ESG reporting requires better accountability

 

How to create clear ESG standards and universal practices

 

 

The rise of ESG-focused investing should, on its face, be a movement defined by trust, good governance and accountability. When companies make claims about their ESG performance, it should be easy for stakeholders to verify those claims.

But that’s not the reality we live in right now — ESG reporting is often opaque, subjective and even outright fraudulent. Investors and regulators are waking up to this fact and demanding that companies report their ESG efforts honestly and transparently.

To be sure, ESG malfeasance didn’t emerge just in the last few months or even the last few years. There have been more than a few notable past incidents of ESG fraud. For example:

  • A vast carbon credit fraud perpetrated on people in the UK led to the arrest and extradition of perpetrators.
  • A massive Ponzi scheme was based on the fraudulent claim that something called “biochar” — waste from tires and household garbage — would be a future source of green energy.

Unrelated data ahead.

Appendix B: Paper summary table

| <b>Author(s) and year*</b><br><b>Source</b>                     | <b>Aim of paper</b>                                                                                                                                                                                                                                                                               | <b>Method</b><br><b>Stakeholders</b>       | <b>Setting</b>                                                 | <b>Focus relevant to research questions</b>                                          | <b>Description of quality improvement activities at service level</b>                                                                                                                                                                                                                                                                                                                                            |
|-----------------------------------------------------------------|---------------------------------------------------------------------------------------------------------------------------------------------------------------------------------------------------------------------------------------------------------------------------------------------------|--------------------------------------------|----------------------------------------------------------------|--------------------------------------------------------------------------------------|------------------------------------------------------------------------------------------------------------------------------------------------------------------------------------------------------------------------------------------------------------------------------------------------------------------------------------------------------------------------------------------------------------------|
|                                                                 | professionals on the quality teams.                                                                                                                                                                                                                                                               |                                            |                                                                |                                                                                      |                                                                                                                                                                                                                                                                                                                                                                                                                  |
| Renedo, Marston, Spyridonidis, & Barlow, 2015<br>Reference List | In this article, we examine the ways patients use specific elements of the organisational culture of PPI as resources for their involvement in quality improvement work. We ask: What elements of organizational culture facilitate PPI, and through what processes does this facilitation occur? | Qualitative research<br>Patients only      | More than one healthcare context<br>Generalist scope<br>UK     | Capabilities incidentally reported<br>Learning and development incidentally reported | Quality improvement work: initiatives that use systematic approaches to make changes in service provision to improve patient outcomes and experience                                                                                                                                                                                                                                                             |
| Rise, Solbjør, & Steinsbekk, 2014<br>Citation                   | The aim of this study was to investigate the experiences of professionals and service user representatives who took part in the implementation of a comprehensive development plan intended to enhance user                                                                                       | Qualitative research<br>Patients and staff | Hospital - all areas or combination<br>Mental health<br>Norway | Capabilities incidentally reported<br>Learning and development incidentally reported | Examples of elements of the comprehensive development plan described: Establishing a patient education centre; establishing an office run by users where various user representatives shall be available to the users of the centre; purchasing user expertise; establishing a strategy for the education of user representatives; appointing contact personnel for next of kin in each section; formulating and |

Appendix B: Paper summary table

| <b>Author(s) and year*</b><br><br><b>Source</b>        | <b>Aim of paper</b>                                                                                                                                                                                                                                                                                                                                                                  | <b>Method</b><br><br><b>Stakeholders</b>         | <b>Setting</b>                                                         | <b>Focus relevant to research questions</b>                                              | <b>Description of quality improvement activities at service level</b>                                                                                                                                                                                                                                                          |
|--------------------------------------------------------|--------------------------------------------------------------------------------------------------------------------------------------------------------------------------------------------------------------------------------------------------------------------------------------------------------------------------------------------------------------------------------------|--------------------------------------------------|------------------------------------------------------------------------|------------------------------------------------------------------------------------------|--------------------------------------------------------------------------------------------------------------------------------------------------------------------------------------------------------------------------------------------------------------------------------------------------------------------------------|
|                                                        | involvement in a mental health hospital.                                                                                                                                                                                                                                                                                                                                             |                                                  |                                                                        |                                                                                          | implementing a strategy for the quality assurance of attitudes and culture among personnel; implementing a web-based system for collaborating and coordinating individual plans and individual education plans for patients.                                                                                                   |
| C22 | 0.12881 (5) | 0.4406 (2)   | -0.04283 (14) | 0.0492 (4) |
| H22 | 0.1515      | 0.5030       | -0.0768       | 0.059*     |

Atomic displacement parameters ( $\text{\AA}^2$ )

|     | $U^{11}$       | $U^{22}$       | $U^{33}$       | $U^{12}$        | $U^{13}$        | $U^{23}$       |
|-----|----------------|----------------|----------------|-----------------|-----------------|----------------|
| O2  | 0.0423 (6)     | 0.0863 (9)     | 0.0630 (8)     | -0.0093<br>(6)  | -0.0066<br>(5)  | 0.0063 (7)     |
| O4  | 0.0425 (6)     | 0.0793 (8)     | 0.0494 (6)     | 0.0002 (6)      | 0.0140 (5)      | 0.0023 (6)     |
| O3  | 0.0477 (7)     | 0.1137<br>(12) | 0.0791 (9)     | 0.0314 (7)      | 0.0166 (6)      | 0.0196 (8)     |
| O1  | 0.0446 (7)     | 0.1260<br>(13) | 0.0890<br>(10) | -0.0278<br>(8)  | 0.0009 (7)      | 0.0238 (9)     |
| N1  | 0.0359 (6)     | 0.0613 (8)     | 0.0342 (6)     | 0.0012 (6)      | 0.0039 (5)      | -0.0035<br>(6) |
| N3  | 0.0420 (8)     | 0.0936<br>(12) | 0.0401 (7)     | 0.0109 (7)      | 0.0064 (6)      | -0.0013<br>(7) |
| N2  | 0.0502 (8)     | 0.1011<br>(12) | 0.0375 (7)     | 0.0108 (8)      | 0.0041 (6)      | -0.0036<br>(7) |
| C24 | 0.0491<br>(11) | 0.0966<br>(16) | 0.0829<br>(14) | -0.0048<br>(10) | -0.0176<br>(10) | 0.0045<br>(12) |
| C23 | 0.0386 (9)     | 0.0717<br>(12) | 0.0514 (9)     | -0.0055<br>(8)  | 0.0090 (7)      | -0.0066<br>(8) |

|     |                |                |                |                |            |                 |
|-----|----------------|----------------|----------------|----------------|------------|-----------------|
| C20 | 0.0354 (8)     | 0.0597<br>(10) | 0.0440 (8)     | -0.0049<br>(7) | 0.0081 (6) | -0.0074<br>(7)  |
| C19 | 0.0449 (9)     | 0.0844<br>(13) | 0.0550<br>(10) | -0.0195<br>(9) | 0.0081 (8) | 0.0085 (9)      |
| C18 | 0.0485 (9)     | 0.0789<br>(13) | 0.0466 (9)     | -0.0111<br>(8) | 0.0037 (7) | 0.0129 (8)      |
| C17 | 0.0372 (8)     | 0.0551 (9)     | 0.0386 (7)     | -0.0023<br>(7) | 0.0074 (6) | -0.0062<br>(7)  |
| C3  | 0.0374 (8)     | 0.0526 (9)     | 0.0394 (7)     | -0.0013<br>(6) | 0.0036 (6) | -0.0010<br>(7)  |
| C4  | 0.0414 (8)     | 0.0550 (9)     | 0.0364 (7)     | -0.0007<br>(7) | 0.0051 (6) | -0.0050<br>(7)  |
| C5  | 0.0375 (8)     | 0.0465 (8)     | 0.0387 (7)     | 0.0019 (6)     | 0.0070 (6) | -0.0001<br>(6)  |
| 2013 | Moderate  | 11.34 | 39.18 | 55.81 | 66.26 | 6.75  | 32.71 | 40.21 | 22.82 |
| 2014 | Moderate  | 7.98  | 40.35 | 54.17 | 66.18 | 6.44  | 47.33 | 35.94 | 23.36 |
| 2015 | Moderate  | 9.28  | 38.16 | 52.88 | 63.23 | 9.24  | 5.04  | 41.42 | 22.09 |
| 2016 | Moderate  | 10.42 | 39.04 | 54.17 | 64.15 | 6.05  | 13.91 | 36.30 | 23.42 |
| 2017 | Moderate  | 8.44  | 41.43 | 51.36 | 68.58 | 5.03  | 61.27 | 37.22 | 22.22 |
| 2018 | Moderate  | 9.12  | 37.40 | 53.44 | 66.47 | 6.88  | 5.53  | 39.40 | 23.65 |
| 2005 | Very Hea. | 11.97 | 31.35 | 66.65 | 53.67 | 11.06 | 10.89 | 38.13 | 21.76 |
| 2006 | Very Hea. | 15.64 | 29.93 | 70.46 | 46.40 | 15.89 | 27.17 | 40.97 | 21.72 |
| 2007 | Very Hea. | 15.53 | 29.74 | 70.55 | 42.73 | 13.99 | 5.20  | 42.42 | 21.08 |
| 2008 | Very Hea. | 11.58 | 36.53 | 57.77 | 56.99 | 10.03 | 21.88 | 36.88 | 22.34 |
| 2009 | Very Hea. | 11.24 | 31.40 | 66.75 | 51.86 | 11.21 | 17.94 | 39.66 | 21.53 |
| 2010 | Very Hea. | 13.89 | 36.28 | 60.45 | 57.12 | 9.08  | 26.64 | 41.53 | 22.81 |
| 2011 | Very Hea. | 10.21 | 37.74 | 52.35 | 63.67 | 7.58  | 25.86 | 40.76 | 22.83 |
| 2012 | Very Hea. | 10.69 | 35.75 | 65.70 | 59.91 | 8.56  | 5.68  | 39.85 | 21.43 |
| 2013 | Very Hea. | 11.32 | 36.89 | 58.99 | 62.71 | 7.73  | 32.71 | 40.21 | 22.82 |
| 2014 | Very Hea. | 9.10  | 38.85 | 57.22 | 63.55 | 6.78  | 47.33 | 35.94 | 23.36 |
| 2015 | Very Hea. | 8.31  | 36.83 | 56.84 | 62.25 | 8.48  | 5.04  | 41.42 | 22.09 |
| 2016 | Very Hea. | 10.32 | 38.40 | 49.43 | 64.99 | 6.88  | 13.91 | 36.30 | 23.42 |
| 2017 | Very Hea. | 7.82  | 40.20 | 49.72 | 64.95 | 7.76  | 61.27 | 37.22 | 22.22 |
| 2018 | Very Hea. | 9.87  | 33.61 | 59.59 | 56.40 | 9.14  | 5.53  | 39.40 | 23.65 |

• The Volkswagen diesel engine scandal remains one of the most notorious incidents of business fraud in history.

 

Read Grant Thornton CEO Brad Preber’s ESG and the risks of having good intentions for guidance in avoiding fraud and developing a sound ESG reporting process.

Read Grant Thornton CEO Brad Preber’s ESG and the risks of having good intentions for guidance in avoiding fraud and developing a sound ESG reporting process.

Providing accurate ESG metrics starts with guardrails, asking hard questions and investing constantly in quality reporting. It also requires better controls and well-developed approaches to integrating ESG reporting into every other kind of reporting.

This is not to say it’s a simple task. The concept of materiality is complex, and providing ESG metrics is a challenge. Read our report for an in-depth look at the issues and for guidance on current actions.

 

 

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